As with all effective methods of influence rather than persuasion, this whole technique is about ‘helping’ other people come to the decision you want through their own free will. They need to feel like it was their decision. And it means they are less likely to change their mind later. Respecting people’s autonomy has the happy side-effect of also making them more open to influence rather than persuasion.

If you are a small business with a handful of employees it’s important that everyone feels they are on board with key decisions and the more people feel they are choosing to do what you ask them to do the more likely they are to keep at the task.

Similarly in selling your product or service clients want to feel like they’re choosing you not being persuaded to do so.

Help people to convince themselves

And there’s another key way to get people around to your point of view:

Let them do the talking.

Persuading people around to your way of thinking is a difficult task, particularly if they’ve already made up their mind. Once we form a belief we tend to look for evidence to support the belief. And that, in turn becomes even more fixed in the mind.

This stubborn intransigence manifests itself in all manner of life. From the child who won’t eat up his greens to the bun fights in the House of Commons.

It’s the reason heart-felt petitions are filed straight into the bin and it’s also why football fans believe that playing at home in the second leg of a two-legged game provides a better chance of winning the tie. But it’s simply not true!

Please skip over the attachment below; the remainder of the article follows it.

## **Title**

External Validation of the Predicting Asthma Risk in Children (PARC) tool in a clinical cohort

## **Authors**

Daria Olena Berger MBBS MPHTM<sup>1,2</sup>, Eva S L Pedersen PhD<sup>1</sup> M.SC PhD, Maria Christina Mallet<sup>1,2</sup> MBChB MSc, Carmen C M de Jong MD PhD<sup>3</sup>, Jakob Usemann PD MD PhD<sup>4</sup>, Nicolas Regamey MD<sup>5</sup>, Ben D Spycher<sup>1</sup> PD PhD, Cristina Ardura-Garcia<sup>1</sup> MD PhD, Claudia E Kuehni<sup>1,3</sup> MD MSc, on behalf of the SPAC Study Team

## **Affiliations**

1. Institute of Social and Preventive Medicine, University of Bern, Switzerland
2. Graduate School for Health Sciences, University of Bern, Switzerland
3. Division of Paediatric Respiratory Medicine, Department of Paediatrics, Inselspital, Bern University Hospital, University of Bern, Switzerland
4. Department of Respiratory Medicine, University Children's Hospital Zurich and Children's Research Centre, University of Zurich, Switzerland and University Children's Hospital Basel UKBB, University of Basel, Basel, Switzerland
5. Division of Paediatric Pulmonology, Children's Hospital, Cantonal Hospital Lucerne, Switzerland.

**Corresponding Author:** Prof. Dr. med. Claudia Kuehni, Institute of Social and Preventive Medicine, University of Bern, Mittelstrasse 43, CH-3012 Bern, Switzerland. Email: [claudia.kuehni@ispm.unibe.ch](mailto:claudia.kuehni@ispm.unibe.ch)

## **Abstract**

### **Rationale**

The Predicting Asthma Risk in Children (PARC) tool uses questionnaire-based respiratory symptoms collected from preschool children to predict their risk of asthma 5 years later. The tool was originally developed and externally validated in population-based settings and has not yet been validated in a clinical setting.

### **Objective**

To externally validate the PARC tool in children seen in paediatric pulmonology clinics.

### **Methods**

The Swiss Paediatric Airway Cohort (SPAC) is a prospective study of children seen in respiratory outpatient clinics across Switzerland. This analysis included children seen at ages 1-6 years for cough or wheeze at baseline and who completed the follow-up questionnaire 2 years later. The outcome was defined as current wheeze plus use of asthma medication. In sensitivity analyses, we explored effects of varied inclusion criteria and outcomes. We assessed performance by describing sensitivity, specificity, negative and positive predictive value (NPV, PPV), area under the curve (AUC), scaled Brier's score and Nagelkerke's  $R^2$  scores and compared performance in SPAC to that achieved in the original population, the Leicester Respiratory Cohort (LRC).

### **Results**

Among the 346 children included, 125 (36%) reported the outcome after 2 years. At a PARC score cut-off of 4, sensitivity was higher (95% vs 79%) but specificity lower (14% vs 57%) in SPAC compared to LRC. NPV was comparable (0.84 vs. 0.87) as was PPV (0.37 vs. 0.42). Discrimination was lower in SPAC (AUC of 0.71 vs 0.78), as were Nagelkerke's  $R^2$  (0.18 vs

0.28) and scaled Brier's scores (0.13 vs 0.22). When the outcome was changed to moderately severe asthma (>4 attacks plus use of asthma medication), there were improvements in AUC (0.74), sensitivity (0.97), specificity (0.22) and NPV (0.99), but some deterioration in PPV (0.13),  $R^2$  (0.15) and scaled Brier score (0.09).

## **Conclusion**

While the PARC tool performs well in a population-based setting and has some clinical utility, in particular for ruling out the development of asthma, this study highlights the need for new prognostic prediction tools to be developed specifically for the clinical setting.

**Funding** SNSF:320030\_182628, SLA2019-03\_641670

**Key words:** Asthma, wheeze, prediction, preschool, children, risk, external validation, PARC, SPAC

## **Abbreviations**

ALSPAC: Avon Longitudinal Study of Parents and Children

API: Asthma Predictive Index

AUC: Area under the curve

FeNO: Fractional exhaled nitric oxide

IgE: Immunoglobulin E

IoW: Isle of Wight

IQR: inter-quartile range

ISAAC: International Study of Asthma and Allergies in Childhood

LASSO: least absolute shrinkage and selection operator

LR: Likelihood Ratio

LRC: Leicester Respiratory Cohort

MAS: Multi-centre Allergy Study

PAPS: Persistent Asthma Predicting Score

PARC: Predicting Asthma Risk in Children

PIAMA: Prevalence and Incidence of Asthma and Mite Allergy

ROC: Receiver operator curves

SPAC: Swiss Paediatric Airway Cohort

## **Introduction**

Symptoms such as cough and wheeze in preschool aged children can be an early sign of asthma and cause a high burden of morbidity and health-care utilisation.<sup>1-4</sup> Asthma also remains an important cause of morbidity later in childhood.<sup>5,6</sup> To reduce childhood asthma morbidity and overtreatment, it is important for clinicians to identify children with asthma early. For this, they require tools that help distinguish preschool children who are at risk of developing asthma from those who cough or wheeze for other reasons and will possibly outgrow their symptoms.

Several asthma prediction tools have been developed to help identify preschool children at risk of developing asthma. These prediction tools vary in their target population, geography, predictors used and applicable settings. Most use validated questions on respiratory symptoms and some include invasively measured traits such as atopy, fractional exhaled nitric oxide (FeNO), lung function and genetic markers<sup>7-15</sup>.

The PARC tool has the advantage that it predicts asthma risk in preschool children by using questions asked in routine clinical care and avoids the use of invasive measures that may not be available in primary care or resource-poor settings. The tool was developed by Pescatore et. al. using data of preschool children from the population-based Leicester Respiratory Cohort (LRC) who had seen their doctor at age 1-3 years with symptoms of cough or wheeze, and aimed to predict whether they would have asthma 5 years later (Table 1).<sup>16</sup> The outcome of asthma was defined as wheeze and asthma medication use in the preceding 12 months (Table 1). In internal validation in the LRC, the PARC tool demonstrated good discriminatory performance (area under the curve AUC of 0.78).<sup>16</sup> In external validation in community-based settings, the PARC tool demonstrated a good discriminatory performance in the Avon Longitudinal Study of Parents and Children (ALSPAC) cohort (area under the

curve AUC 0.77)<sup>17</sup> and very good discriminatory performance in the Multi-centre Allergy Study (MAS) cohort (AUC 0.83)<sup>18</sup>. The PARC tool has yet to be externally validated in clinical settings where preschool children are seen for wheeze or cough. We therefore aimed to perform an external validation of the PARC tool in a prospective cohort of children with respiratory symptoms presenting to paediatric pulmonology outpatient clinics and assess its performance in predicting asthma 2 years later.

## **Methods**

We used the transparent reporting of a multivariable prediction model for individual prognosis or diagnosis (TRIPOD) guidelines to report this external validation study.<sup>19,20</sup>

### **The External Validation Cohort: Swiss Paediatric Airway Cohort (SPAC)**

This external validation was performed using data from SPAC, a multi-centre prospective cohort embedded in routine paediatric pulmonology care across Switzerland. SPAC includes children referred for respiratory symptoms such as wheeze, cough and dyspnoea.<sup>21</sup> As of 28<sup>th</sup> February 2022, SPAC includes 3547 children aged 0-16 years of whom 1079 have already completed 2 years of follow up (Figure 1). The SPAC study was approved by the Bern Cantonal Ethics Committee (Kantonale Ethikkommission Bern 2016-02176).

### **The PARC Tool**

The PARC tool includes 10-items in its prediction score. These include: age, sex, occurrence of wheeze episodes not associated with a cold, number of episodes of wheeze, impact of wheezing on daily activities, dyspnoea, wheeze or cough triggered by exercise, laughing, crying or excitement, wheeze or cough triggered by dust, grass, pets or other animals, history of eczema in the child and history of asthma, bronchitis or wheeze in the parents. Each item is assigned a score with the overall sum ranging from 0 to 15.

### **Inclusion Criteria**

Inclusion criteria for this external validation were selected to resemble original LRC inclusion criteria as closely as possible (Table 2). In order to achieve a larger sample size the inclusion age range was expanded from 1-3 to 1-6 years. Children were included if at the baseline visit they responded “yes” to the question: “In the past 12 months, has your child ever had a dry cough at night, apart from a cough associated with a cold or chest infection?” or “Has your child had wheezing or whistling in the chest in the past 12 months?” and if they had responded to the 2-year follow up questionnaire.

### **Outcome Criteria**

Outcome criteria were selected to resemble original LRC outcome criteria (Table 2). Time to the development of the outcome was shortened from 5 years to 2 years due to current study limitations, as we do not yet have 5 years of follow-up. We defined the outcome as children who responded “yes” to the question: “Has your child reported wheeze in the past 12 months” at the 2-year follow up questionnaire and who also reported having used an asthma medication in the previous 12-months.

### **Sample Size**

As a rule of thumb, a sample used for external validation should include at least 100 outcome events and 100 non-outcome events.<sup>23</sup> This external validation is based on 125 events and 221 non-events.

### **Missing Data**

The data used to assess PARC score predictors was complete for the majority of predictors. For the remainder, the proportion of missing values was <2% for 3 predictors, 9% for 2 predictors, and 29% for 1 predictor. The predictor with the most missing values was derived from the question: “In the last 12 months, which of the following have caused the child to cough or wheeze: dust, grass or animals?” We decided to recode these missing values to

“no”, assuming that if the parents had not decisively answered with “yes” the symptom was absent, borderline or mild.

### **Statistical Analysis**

If you look at the  results of European ties between 1994 and 2010 the chances of winning are exactly 50:50, whether you play at home first or second. Unless, of course, it goes to penalties when the stats show that the British teams are all but doomed!

Despite this fact, football fans continue to travel to the away leg of their two-legged European tie with the cheery thought that no matter what disaster befalls them, they can turn it around in the home tie. Why such confidence? Well, because like most long-held beliefs, once an opinion is formed, we look for as much evidence as possible to support it. Even if the stats don’t really add up.

People resent having their attitudes changed by others

You see, we resent having our attitudes adjusted by others, and so resist it at all costs. So it’s best if people change their own minds. It’s difficult to do it for them. Two researchers from Yale University, Janis and King asked students to give a talk on a subject to two of their fellow students to try to persuade them about something. Then they swapped things around so each student had a turn at giving the talk.